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NASA confirms success of Artemis I moon mission

NASA is continuing to analyze data from last year’s Artemis I test mission that sent an uncrewed spacecraft around the moon before returning safely home.

In a meeting on Tuesday, NASA officials confirmed that so far no major problems have surfaced that would prompt it to reschedule Artemis II, the mission set for late 2024 that will follow the same route as the first flight but this time with astronauts on board.

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Several issues have emerged, however. For example, after closely examining the Orion spacecraft, engineers noticed that parts of the ablative material that helps protect the capsule from the extreme heat of reentry wore away differently than predicted.

NASA is also examining an issue with the power system on Orion’s service module, though the agency appears confident it can resolve it in good time for the Artemis II mission.

On the plus side, NASA said the Orion accomplished 161 test objectives during a 25-day round-trip mission that fully demonstrated every aspect of the spacecraft.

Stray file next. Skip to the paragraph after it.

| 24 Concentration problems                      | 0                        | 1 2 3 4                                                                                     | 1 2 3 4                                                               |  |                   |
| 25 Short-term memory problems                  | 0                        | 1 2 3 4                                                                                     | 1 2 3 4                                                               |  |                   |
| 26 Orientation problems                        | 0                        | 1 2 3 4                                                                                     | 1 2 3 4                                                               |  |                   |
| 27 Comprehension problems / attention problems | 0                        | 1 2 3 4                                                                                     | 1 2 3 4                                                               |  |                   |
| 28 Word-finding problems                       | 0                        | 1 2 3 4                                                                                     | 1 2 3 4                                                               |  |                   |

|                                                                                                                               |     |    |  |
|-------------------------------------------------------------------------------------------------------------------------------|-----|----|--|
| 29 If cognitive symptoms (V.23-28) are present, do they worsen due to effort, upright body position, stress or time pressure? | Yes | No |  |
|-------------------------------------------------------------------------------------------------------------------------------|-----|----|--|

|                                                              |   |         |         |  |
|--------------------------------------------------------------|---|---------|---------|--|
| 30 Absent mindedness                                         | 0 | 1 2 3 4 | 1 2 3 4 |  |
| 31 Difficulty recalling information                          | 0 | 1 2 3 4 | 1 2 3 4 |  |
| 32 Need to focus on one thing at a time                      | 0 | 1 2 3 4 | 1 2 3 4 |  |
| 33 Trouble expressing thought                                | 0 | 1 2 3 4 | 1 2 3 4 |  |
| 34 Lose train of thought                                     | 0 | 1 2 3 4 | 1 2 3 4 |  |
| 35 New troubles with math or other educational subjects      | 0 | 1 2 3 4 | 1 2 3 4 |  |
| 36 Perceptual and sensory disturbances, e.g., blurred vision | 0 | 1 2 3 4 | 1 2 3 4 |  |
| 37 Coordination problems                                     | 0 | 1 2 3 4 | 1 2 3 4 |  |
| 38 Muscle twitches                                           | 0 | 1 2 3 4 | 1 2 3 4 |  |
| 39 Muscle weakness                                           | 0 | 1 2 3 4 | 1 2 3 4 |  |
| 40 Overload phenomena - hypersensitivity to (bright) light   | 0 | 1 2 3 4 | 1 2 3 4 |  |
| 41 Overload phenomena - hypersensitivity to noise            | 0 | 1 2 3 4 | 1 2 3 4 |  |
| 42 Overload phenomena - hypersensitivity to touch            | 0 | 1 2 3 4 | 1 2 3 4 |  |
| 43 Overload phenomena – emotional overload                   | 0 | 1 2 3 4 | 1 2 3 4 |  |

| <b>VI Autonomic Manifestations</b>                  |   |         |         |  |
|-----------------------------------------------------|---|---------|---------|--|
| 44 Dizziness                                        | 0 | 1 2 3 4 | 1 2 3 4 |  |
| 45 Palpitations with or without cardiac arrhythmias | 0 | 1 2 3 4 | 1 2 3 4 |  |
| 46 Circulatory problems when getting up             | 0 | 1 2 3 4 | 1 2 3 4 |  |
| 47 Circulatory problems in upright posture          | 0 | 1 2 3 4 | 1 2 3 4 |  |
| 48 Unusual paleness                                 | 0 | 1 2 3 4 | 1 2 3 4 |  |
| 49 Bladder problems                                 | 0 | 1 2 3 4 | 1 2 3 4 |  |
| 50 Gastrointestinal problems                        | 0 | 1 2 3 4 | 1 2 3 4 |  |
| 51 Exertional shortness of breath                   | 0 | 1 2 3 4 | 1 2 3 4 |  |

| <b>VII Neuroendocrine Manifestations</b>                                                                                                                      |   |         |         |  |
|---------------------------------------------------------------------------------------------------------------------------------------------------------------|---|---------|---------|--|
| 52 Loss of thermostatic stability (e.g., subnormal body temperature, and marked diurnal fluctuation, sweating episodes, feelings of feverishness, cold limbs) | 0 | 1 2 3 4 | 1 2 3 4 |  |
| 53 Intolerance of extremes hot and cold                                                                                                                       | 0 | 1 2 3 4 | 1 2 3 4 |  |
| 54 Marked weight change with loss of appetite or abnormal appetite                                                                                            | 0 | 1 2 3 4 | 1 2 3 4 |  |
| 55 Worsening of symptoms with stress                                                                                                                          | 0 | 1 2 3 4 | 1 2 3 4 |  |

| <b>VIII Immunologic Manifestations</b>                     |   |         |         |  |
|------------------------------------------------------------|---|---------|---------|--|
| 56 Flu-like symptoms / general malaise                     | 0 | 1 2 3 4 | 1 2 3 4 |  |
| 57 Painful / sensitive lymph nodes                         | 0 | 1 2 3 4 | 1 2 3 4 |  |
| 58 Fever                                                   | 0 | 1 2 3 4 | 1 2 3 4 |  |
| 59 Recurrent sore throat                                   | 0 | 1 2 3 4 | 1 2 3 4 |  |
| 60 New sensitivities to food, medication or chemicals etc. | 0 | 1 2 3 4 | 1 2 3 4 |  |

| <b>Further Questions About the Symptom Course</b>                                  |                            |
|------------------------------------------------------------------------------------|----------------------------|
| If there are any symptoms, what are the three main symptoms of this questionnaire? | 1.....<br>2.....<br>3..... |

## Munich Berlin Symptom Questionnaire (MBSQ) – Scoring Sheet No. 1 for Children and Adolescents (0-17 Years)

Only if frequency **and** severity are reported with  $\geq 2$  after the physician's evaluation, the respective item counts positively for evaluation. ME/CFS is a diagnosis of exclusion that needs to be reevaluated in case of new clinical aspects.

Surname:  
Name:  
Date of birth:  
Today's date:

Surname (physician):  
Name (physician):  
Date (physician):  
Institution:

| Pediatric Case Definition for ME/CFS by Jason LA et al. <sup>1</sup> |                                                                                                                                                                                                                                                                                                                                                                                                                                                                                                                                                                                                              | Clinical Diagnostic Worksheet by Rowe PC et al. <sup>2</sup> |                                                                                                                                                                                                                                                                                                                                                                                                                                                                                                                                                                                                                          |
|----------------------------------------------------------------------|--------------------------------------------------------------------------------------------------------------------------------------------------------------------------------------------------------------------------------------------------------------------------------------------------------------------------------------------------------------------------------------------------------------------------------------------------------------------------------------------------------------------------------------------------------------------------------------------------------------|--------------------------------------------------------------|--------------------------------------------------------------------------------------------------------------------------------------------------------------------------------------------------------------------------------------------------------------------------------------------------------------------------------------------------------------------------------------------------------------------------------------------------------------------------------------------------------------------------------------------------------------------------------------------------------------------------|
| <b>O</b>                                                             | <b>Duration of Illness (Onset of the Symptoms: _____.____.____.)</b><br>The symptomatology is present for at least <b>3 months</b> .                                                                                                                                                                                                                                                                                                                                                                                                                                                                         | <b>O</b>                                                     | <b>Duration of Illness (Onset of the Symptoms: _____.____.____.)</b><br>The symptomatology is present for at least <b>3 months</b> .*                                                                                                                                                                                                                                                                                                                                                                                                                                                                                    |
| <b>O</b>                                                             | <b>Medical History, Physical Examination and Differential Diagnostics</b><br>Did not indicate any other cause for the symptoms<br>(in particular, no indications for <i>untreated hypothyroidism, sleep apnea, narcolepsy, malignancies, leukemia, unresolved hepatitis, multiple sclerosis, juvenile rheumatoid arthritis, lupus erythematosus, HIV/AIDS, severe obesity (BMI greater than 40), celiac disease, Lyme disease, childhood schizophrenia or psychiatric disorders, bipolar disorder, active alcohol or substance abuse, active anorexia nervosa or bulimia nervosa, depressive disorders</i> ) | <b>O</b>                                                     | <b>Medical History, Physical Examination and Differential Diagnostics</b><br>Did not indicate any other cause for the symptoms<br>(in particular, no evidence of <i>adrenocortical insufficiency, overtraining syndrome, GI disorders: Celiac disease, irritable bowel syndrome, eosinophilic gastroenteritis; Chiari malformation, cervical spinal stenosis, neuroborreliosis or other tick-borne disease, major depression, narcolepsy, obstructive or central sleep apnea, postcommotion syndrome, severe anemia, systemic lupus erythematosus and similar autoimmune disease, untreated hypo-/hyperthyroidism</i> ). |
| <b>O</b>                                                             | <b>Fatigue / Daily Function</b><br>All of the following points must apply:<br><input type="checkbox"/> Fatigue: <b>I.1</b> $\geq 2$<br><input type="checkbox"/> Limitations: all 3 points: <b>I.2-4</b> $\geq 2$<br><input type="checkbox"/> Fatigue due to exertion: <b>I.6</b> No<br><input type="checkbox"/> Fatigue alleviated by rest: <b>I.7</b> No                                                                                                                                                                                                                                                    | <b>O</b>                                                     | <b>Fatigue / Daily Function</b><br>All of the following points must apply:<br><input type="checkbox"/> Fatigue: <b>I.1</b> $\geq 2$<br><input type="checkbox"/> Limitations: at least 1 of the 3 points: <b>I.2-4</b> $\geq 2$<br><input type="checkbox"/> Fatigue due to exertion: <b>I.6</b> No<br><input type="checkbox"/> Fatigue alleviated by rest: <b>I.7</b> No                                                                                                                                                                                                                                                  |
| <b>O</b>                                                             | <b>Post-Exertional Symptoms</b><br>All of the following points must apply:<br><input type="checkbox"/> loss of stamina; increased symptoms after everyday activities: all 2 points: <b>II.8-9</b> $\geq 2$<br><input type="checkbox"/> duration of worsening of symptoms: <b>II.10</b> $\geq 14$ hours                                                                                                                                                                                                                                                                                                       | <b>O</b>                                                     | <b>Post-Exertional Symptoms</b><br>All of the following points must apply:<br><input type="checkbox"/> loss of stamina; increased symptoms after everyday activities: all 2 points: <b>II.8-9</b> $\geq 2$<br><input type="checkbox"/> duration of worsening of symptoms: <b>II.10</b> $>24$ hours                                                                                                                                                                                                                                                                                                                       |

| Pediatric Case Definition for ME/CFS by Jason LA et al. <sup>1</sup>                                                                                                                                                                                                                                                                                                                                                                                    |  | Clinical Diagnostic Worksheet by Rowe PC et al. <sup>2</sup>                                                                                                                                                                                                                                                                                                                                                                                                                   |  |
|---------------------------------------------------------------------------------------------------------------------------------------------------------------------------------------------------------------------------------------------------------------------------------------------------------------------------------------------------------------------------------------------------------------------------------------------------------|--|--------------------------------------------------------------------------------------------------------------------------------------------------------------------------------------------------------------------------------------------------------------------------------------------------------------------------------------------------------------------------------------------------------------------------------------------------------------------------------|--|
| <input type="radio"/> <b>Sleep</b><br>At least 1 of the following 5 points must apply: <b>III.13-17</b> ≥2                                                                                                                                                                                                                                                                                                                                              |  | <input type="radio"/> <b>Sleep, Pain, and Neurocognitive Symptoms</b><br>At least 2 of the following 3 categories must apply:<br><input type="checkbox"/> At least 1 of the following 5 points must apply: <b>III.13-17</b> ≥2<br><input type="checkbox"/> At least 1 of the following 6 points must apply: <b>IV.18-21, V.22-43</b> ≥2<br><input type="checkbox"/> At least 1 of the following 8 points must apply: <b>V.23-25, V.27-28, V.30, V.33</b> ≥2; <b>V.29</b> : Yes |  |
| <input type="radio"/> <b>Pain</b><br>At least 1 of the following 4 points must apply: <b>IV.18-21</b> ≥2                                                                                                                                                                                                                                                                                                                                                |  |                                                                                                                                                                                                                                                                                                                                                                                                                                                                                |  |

“Data shows the European-built service module generated 20% more power than initial expectations and consumed about 25% less power than predicted,” NASA said. “All the spacecraft’s dynamic separation events, such as separation of the launch abort system during ascent and parachute deployment during landing — which involved 375 pyrotechnic devices total — were completed without issue.”

While the powerful SLS rocket powered the Orion to orbit flawlessly, the launch caused more damage than expected to the mobile launcher as the vehicle roared away from the ground.

“Work already is underway to repair damaged components in tandem with planned upgrades in preparation for Artemis II,” NASA said, noting that the damage to the mobile launcher included corrosion to fueling lines, around 60 broken panels and cabinets with instrumentation, and destruction to several elevators and blast shields.

With much of the Artemis I data now assessed, NASA is clearly feeling positive about the prospects for Artemis II and its plan to launch the mission next year.

“We’re learning as much as we possibly can from Artemis I to ensure we fully understand every aspect of our systems and feed those lessons learned into how we plan for and fly crewed missions,” said senior NASA official Jim Free, adding: “Safely flying crew is our top priority for Artemis II.”

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